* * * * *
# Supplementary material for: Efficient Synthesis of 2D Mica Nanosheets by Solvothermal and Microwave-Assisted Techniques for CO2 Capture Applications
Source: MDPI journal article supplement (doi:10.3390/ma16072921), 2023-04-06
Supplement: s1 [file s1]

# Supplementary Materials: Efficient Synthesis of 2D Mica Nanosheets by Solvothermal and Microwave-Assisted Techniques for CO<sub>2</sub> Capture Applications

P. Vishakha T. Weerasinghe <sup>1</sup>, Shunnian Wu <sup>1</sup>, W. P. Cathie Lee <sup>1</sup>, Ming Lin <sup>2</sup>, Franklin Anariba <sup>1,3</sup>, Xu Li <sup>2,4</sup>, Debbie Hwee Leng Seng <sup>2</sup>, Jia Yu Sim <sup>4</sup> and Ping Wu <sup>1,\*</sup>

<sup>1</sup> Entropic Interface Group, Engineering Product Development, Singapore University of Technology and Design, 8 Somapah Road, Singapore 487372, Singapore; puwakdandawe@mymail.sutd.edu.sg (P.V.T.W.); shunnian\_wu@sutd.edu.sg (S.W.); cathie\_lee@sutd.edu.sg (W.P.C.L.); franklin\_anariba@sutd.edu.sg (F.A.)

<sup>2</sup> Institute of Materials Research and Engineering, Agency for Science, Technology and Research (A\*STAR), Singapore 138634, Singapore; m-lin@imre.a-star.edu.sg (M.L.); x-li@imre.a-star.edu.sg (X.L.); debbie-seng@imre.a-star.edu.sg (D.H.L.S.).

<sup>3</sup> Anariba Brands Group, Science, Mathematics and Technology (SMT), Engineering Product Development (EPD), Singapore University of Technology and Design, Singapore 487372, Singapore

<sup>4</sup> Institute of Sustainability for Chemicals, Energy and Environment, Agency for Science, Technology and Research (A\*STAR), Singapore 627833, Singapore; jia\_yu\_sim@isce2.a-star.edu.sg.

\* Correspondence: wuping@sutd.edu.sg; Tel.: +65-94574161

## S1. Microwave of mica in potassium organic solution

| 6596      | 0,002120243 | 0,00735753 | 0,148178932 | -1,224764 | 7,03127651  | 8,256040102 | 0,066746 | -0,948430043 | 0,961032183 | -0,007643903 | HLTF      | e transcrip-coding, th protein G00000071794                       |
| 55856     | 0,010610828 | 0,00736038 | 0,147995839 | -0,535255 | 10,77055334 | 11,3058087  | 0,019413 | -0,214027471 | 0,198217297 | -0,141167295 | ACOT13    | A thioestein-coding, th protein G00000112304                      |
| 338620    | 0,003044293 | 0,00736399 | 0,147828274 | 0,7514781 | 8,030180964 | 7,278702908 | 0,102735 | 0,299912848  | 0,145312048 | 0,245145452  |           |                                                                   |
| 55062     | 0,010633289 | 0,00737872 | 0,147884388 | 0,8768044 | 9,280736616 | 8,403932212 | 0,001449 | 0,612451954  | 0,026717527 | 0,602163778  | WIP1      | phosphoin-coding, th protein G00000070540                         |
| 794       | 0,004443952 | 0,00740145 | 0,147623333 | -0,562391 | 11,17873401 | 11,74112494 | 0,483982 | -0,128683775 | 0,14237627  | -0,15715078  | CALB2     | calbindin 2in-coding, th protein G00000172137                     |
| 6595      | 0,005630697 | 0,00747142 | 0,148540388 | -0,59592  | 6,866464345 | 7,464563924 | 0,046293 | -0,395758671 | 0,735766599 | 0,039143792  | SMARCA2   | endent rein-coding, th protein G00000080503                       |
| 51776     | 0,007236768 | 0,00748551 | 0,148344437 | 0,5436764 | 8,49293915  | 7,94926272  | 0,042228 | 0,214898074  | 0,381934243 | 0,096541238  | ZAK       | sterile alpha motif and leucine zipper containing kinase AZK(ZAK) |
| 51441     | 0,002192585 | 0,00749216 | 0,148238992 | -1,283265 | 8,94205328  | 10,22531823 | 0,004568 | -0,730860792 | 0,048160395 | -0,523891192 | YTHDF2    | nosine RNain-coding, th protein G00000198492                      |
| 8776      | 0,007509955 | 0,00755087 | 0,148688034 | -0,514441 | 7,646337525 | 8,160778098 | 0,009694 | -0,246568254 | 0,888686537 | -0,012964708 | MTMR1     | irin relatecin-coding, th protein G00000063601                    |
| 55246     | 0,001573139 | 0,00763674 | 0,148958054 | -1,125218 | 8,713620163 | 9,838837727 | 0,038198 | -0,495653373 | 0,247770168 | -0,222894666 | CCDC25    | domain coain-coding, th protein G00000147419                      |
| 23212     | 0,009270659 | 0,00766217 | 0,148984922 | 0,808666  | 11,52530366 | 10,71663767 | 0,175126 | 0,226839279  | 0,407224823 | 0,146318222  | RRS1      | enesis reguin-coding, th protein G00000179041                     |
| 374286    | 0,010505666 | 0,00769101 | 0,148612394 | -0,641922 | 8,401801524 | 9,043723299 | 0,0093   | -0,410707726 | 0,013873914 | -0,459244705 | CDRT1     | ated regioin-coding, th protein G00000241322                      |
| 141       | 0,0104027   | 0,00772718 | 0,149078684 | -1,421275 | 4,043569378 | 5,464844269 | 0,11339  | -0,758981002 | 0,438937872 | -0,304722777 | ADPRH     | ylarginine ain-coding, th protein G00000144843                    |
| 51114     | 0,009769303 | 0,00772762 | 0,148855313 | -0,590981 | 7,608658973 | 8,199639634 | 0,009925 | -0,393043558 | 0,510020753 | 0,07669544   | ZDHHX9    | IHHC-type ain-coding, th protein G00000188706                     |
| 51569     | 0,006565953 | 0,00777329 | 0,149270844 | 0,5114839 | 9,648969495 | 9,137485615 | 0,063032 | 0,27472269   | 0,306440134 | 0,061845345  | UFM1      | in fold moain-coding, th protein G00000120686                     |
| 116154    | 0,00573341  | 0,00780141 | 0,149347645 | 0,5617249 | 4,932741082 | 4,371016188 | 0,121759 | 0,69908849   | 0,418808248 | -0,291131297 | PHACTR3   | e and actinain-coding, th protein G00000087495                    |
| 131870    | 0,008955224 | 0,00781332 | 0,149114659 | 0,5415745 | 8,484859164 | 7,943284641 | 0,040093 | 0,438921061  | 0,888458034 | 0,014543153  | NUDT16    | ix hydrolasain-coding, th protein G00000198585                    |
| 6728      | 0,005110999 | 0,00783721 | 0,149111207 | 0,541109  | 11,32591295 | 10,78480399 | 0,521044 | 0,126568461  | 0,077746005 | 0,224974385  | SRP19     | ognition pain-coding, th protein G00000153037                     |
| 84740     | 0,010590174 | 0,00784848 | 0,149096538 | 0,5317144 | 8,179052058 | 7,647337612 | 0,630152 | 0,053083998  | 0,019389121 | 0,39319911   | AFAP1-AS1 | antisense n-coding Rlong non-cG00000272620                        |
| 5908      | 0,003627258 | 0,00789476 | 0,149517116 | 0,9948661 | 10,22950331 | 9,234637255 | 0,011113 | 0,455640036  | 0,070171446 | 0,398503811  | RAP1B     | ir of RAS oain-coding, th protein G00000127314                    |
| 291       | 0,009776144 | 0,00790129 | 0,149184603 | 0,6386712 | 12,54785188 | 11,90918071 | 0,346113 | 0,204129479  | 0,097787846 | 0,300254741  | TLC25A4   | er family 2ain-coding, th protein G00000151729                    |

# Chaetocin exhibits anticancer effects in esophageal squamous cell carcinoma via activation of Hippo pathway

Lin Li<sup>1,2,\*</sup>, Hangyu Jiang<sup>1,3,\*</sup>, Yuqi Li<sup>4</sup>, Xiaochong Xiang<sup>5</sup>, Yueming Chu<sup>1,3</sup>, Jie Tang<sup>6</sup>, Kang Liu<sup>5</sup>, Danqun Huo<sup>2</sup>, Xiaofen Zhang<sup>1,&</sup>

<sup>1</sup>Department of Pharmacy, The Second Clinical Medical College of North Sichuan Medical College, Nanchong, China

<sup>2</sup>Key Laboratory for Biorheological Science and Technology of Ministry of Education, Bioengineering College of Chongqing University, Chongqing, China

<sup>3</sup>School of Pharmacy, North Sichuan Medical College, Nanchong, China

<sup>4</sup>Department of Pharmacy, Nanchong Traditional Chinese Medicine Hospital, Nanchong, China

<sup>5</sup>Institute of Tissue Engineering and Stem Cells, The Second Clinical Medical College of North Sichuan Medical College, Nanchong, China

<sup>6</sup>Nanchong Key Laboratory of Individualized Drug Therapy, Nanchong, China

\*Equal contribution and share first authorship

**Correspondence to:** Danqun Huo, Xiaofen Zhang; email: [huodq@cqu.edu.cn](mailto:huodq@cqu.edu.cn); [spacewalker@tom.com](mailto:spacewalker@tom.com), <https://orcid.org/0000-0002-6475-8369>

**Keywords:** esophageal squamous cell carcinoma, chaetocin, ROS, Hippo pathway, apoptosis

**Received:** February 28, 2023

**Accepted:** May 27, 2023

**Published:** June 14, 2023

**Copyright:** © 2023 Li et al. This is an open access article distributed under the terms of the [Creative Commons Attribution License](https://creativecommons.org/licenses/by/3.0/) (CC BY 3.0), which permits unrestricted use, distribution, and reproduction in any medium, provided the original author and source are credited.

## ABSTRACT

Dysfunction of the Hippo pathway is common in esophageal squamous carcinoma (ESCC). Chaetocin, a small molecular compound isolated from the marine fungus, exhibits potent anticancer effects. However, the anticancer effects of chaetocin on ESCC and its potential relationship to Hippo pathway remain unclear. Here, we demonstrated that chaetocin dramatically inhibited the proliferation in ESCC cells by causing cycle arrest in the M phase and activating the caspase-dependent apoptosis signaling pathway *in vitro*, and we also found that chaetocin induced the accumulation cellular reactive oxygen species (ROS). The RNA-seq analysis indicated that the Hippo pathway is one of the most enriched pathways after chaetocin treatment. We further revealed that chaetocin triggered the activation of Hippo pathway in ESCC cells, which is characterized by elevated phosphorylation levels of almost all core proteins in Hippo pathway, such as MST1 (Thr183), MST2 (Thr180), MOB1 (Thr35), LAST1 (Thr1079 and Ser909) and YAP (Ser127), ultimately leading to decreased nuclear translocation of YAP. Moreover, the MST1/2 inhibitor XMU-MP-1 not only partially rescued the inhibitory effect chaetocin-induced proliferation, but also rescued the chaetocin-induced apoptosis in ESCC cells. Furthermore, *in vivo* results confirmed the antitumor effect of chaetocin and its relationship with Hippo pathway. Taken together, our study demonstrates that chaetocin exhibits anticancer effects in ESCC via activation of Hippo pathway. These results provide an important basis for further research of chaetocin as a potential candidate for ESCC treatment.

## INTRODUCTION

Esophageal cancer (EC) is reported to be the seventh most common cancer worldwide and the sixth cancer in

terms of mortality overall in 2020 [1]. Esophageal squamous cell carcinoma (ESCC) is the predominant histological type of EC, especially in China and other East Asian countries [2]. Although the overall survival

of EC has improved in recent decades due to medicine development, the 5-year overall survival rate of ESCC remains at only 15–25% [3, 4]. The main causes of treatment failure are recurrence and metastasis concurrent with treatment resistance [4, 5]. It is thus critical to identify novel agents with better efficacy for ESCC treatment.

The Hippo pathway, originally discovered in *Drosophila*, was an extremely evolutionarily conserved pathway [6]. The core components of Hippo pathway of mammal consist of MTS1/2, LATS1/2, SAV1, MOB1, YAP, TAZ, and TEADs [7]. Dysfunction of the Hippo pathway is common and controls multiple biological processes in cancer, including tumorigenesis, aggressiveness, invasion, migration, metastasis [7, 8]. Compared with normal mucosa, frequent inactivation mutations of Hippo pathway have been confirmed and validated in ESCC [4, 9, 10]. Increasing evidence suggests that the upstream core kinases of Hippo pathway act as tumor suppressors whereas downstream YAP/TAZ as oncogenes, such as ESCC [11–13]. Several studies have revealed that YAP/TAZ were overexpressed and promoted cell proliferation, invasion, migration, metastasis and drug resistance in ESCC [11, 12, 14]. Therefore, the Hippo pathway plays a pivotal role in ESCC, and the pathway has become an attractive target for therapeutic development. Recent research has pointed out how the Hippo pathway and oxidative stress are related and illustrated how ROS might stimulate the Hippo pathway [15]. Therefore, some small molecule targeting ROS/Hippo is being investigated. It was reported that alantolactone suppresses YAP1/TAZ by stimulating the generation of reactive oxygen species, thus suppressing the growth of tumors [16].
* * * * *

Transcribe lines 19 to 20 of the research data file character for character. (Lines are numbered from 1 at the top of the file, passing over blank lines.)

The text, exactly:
| 51441     | 0,002192585 | 0,00749216 | 0,148238992 | -1,283265 | 8,94205328  | 10,22531823 | 0,004568 | -0,730860792 | 0,048160395 | -0,523891192 | YTHDF2    | nosine RNain-coding, th protein G00000198492                      |
| 8776      | 0,007509955 | 0,00755087 | 0,148688034 | -0,514441 | 7,646337525 | 8,160778098 | 0,009694 | -0,246568254 | 0,888686537 | -0,012964708 | MTMR1     | irin relatecin-coding, th protein G00000063601                    |